**ERIC Number:**ED240148

**Record Type:**Non-Journal

**Publication Date:**1983

**Pages:**9

**Abstractor:**N/A

**Reference Count:**N/A

**ISBN:**N/A

**ISSN:**N/A

Marginal Costs and Formula-Based Funding.

O'Connor, Ellen

Marginal cost is the cost of producing an additional unit. In higher education, one marginal cost would be cost of educating an additional student. Formula-based budget determination for public higher education is usually based on average cost per student. This study estimates marginal cost and compares it with average cost. There are several methods for estimating marginal costs; the regression method is the central focus of this paper. It involves using regression analysis to estimate the coefficients, or marginal effects, of various independent variables. Two regression equations were developed using 1982 and 1983 data from the University of Massachusetts, Amherst. In both equations, the marginal cost was below the average cost. Through the average cost per person is lower than the average cost per Full Time Equivalent (FTE), the marginal cost of instruction using headcount as a unit of measurement was noticeably higher than the marginal cost of educating an FTE. The results demonstrate that formula-driven budgets based on average cost ignore the existence of economies of scale. Marginal cost is a more accurate cost to use when measuring increases or decreases. (BW)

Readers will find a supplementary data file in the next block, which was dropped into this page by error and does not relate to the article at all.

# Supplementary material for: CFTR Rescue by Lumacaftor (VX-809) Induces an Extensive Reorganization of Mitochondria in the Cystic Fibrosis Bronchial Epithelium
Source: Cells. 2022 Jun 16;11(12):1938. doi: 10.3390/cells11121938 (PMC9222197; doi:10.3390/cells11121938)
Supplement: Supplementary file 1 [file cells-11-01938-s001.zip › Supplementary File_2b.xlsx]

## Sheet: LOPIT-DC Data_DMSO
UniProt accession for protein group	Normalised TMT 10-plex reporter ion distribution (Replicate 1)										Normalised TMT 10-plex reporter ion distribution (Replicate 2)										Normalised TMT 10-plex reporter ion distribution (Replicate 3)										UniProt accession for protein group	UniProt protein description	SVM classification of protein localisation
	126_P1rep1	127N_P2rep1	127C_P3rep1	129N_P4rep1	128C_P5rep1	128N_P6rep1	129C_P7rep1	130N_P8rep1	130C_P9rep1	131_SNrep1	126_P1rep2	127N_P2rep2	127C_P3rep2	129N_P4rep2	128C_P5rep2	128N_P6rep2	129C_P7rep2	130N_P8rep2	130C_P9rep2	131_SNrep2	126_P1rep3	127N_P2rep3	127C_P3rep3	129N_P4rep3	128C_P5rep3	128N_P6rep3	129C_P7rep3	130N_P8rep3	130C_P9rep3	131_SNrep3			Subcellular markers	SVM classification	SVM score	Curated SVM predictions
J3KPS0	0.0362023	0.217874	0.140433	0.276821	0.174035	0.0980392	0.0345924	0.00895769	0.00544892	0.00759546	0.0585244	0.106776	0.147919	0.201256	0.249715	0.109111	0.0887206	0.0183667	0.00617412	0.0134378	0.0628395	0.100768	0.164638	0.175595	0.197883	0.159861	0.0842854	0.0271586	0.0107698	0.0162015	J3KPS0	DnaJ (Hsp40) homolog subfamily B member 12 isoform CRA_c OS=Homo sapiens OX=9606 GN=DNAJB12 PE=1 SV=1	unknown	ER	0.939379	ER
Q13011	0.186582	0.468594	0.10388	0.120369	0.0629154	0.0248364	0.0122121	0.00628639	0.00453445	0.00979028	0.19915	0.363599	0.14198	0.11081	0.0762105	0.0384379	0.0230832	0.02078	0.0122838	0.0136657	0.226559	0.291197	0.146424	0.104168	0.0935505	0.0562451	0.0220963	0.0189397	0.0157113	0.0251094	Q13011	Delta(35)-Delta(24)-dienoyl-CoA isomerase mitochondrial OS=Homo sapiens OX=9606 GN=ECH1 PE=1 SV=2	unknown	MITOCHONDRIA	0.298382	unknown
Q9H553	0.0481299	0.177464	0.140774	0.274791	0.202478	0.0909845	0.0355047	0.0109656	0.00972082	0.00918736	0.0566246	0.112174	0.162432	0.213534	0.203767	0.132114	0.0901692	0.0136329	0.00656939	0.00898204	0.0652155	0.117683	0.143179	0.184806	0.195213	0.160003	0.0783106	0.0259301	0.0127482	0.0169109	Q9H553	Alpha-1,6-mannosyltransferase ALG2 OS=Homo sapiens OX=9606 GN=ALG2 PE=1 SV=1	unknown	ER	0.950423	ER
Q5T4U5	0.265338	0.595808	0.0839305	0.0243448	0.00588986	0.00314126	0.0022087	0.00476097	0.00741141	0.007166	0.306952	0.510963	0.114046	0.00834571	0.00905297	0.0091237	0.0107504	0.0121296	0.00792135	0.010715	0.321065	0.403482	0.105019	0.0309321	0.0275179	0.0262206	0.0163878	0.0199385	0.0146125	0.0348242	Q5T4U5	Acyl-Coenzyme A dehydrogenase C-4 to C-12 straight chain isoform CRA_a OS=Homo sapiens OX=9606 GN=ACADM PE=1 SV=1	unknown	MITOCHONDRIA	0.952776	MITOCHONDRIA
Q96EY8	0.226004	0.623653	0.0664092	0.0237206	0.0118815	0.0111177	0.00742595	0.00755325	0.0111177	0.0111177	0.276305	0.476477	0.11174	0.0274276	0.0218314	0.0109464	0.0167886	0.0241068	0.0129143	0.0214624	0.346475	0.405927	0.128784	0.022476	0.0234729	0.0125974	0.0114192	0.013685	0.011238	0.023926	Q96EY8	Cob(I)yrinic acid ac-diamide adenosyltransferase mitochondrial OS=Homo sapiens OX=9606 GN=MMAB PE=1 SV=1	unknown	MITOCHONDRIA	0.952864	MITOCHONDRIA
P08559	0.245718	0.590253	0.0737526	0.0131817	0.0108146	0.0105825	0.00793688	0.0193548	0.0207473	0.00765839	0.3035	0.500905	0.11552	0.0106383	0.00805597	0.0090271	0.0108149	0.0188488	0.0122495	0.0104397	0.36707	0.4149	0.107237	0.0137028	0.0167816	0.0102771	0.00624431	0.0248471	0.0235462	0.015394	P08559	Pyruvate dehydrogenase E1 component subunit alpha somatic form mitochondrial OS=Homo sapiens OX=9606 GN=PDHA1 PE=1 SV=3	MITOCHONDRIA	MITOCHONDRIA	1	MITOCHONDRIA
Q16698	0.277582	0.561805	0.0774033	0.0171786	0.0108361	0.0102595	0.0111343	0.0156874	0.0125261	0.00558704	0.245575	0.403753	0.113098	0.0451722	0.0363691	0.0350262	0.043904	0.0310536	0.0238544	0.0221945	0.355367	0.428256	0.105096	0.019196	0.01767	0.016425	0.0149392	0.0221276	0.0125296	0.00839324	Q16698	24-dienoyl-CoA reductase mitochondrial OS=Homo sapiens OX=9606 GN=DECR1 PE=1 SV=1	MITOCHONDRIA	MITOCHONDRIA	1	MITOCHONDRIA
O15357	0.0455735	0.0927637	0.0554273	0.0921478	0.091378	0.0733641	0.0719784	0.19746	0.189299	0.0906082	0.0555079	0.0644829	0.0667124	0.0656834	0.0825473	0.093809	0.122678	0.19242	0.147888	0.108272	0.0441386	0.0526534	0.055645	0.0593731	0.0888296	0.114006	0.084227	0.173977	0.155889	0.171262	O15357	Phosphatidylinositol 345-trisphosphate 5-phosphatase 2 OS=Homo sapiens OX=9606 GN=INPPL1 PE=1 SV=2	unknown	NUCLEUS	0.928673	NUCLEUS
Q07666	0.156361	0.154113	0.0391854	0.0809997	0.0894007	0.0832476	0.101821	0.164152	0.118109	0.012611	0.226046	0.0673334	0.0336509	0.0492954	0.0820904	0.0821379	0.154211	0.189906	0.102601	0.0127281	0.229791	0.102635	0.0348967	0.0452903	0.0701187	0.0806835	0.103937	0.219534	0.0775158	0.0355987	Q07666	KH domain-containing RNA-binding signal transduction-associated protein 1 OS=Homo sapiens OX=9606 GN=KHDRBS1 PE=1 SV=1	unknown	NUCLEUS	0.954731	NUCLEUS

**Publication Type:**Reports - Research

**Education Level:**N/A

**Audience:**N/A

**Language:**English

**Sponsor:**N/A

**Authoring Institution:**N/A